Forever Wars / September 5, 2023

US Foreign Policy Has an Extinction Agenda

As the world loses time to act, US elites are working to dominate the remains of a ruined planet.

Spencer Ackerman
All that’s necessary for a future uninhabitable for much of humanity is for things to continue as they are. Instead, Spencer Ackerman argues, the question preoccupying US foreign-policy elites is over how many cold wars to wage. (Al Drago / Bloomberg / Getty Images)

In April 2022, the Intergovernmental Panel on Climate Change issued the sort of warning that would galvanize a sane society into historic action. Unless greenhouse gas emissions cease rising by 2025, the IPCC found, humanity will not be able to limit the warming of the planet to 1.5 degrees Celsius, the temperature at which the worst ravages of climate change might still be avoided—though not all of them, just the most catastrophic. The choice implied by the IPCC was between a globe-spanning initiative to halve emissions by 2030, thereby giving us a chance of remaining within the 1.5˚C threshold, or a 21st century defined by an increasingly uninhabitable world.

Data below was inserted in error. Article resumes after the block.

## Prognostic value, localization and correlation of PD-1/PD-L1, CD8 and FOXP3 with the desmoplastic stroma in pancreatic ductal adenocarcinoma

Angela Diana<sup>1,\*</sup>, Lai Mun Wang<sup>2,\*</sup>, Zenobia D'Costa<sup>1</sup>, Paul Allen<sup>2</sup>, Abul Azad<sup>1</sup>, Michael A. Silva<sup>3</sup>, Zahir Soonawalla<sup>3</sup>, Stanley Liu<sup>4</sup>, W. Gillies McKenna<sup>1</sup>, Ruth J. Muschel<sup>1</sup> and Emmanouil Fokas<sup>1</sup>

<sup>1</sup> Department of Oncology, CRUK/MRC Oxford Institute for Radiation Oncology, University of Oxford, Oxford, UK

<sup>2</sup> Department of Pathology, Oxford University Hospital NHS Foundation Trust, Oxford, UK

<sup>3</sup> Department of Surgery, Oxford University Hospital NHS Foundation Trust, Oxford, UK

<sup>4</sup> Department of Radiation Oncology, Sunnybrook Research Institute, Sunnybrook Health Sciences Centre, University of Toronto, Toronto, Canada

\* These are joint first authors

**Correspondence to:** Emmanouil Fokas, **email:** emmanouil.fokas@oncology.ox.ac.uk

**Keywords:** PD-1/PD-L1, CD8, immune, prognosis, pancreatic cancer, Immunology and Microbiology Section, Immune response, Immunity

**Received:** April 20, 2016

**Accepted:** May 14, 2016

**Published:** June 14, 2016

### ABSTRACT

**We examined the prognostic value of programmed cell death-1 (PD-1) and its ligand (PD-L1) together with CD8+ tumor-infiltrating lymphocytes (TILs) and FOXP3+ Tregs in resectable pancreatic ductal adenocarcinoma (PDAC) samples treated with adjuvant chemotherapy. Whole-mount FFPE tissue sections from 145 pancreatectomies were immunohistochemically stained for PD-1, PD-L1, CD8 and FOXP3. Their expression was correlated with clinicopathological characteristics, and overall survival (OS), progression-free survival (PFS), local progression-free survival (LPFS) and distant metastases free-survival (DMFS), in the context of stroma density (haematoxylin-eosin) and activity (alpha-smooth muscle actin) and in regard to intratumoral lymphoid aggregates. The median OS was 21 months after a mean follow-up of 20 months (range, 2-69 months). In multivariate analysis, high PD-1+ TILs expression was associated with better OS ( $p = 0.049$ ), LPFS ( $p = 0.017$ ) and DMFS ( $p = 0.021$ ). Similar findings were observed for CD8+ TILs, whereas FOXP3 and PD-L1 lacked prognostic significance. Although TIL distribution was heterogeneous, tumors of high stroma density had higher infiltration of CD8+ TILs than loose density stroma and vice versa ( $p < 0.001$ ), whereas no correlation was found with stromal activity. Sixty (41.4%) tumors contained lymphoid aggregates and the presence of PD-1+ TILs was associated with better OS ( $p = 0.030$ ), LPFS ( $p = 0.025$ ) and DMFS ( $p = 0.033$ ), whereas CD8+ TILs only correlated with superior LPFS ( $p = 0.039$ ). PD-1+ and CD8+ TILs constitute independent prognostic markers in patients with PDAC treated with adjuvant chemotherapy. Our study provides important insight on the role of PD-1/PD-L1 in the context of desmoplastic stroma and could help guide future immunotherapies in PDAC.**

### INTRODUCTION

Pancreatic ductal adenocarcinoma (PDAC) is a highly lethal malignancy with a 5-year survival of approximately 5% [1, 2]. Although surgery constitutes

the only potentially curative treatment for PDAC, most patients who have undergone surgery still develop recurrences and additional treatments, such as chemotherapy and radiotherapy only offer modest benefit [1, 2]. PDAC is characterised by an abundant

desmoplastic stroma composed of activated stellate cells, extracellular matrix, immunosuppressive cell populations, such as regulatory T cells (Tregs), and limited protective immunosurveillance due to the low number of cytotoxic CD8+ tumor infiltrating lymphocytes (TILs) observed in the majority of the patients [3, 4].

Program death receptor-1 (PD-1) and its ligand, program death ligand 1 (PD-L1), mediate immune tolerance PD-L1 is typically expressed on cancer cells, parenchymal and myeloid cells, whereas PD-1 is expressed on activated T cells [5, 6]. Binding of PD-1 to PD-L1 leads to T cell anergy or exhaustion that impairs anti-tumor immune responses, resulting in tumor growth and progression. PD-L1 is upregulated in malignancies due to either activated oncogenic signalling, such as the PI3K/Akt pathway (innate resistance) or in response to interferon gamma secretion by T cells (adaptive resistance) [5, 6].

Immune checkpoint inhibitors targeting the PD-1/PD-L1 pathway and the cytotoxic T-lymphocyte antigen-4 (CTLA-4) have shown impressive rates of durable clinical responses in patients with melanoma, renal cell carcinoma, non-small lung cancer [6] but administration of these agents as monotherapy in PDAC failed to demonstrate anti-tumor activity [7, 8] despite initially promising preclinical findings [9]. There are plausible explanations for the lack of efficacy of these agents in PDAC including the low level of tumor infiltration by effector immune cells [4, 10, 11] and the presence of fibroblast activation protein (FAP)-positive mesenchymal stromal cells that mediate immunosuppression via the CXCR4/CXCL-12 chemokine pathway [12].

Drastic as that choice is, the IPCC made clear that a path out of civilizational disaster is doable. The emissions reductions necessary to stay within a 1.5˚C rise would “shave 1-2 percent” off the projected global growth of GDP through 2050, according to a summary from Damien Carrington, the environment editor at The Guardian. But the IPCC’s ultimate point was that the timeline is unforgiving: some “30 months,” Carrington wrote, before the future promises to be unlivable for an unthinkable proportion of humanity.